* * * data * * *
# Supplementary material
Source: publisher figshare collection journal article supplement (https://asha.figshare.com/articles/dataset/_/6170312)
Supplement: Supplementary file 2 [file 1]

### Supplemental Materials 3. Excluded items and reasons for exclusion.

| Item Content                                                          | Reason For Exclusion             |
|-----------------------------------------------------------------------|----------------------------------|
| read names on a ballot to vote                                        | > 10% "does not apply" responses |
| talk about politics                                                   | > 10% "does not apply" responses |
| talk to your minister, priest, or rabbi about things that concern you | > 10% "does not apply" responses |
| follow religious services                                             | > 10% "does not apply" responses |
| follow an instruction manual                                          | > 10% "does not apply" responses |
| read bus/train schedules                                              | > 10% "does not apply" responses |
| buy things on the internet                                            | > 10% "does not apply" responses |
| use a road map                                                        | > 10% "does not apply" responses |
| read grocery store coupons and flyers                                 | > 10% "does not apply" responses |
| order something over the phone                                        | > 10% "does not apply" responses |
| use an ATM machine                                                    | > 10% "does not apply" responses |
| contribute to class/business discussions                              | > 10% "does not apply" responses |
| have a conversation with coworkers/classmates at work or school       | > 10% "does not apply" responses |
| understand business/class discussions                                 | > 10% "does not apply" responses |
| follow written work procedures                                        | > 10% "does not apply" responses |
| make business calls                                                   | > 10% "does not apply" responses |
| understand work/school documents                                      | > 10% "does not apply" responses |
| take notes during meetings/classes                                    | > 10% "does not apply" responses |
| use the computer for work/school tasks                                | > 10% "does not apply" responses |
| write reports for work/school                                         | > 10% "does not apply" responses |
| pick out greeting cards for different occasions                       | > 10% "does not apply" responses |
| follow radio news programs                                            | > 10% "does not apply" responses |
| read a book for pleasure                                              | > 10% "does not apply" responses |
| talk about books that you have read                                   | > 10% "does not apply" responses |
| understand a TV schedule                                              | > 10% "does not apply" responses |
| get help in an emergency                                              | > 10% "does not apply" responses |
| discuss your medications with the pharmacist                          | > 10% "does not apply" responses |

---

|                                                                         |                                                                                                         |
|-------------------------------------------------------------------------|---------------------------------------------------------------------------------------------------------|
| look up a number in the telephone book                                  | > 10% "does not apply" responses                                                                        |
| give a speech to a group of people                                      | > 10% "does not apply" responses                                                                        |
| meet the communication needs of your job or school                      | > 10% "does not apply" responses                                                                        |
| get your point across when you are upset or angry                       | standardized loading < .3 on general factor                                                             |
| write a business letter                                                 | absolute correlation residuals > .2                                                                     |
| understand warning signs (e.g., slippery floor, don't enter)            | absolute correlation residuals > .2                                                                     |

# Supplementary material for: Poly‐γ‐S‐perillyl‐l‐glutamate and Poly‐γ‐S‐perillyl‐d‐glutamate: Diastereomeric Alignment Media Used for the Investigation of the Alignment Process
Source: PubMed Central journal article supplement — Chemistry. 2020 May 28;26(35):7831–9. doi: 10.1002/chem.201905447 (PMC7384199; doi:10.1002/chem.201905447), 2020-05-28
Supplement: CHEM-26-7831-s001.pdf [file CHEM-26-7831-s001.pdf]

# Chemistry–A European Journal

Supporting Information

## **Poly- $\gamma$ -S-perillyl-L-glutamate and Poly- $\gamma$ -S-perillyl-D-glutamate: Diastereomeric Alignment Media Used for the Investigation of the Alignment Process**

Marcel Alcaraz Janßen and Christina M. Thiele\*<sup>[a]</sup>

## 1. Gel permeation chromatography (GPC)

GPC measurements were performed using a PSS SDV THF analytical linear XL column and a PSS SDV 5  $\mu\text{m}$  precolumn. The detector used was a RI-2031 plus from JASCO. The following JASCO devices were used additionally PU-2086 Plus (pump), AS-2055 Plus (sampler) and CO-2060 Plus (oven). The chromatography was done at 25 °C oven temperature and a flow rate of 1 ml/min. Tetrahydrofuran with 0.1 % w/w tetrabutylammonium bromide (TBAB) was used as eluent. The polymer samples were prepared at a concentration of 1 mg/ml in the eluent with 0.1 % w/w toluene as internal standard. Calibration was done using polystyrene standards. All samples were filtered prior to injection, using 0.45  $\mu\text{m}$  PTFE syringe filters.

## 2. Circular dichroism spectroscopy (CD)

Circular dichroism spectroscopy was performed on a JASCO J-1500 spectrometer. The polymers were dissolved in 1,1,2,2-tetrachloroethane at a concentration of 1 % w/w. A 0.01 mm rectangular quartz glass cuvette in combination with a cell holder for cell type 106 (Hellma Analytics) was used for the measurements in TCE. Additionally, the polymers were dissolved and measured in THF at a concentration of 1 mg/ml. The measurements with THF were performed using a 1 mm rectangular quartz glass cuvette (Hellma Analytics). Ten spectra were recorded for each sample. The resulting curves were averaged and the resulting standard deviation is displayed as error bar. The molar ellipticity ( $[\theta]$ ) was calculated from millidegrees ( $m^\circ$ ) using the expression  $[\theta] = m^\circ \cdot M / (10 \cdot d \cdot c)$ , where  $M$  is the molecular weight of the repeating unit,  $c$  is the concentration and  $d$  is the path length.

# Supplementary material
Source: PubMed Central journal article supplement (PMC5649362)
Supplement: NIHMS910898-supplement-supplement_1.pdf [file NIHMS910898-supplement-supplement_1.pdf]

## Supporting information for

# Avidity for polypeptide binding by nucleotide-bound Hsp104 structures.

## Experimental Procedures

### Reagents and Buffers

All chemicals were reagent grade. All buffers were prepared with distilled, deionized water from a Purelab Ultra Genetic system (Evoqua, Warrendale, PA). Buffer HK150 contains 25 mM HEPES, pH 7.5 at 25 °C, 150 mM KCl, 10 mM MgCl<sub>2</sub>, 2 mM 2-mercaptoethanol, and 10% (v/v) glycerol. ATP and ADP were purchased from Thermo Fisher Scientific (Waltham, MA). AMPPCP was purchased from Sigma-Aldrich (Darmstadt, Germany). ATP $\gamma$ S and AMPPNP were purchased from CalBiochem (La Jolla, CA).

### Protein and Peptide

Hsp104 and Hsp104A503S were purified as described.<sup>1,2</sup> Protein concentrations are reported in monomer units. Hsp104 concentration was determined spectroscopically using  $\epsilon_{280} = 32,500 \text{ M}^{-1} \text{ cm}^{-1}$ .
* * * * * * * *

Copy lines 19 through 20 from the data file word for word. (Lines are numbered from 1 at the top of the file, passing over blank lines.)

| have a conversation with coworkers/classmates at work or school       | > 10% "does not apply" responses |
| understand business/class discussions                                 | > 10% "does not apply" responses |